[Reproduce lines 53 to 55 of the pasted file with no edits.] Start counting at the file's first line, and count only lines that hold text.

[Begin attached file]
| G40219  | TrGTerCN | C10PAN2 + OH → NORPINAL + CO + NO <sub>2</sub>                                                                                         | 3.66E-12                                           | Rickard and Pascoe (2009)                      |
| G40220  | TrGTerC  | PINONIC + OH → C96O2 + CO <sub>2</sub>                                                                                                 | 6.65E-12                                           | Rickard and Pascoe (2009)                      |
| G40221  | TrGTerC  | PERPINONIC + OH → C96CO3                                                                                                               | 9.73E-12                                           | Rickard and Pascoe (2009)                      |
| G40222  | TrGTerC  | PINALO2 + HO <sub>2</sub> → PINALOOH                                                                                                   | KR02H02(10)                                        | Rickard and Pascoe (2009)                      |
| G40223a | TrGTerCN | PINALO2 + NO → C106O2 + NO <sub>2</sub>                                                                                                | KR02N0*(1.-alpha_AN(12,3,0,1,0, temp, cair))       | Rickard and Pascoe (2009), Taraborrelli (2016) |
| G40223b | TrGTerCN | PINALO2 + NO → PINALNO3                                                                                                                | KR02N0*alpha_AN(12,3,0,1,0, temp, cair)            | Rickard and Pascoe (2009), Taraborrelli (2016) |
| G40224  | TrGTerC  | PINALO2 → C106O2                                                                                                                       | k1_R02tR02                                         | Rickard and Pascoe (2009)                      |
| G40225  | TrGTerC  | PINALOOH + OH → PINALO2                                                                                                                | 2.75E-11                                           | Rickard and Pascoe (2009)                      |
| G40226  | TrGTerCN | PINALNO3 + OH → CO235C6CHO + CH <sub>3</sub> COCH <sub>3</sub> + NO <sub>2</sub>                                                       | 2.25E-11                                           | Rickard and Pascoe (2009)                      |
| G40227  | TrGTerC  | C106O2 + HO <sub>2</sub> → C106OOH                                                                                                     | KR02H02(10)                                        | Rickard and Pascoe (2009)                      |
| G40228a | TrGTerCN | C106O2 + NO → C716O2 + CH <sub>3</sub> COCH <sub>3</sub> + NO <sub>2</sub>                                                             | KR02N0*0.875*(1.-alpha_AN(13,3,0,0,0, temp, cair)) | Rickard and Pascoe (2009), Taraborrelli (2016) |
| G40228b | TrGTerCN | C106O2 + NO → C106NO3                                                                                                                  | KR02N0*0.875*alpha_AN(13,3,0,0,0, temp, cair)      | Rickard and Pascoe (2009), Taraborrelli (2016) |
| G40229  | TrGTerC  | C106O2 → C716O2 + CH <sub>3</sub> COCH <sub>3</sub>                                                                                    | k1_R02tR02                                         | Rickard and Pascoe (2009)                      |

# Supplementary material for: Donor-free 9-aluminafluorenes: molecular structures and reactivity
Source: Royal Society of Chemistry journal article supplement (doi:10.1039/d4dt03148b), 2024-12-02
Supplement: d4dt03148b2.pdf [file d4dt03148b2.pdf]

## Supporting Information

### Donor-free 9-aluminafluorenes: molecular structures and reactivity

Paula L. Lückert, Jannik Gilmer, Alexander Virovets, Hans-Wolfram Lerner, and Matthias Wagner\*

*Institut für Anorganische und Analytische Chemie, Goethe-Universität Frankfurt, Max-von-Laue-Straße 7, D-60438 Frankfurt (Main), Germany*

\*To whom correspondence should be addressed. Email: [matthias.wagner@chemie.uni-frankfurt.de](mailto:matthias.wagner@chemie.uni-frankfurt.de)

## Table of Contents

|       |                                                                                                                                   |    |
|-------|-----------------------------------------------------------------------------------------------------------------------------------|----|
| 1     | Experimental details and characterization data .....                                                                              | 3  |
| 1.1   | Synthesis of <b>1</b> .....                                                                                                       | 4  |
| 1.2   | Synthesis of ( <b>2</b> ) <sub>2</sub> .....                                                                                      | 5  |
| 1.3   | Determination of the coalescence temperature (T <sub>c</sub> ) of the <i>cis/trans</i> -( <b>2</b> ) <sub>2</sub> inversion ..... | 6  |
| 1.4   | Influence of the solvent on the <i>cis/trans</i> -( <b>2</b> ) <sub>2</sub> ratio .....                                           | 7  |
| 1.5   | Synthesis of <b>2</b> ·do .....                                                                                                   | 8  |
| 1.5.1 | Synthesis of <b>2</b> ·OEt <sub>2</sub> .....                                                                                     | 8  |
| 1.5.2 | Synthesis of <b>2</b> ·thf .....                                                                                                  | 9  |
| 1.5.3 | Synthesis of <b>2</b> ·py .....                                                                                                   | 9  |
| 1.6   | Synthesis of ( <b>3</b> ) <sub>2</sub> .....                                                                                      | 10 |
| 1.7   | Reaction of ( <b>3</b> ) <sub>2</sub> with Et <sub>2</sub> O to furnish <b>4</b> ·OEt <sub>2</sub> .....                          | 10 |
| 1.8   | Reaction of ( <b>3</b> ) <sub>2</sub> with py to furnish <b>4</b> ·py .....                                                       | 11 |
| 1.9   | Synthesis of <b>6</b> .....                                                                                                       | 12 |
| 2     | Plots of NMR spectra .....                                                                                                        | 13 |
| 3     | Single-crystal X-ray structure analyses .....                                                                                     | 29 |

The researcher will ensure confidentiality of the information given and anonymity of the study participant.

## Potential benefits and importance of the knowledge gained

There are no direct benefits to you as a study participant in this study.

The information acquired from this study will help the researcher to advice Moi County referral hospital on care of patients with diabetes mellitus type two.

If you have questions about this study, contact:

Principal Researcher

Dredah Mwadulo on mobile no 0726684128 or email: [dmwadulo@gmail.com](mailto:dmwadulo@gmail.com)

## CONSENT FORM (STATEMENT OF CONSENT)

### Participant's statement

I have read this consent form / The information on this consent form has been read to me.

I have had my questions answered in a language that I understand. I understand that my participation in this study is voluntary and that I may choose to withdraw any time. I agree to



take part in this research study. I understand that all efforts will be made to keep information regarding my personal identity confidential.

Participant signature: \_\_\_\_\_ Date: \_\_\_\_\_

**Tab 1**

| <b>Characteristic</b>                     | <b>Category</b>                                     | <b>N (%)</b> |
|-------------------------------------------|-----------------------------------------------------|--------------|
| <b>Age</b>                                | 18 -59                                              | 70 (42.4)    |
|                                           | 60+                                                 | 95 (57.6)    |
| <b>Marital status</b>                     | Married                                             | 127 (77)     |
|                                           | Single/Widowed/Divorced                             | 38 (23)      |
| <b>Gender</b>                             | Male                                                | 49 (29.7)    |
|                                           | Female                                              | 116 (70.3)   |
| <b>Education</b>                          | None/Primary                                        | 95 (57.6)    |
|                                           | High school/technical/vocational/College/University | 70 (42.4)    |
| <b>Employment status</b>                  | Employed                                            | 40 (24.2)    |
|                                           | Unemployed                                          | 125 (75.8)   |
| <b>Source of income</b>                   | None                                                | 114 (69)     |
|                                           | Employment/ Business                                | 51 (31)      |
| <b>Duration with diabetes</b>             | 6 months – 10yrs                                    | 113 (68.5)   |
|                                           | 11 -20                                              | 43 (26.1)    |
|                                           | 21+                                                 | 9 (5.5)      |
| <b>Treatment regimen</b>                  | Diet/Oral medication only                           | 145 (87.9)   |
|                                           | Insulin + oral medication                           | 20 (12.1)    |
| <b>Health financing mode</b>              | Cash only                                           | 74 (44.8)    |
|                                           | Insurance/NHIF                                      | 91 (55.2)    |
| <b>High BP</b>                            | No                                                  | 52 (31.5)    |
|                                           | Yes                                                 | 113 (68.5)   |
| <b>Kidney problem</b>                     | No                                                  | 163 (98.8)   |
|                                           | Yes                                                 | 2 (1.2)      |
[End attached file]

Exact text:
**Tab 1**

| <b>Characteristic</b>                     | <b>Category</b>                                     | <b>N (%)</b> |
|-------------------------------------------|-----------------------------------------------------|--------------|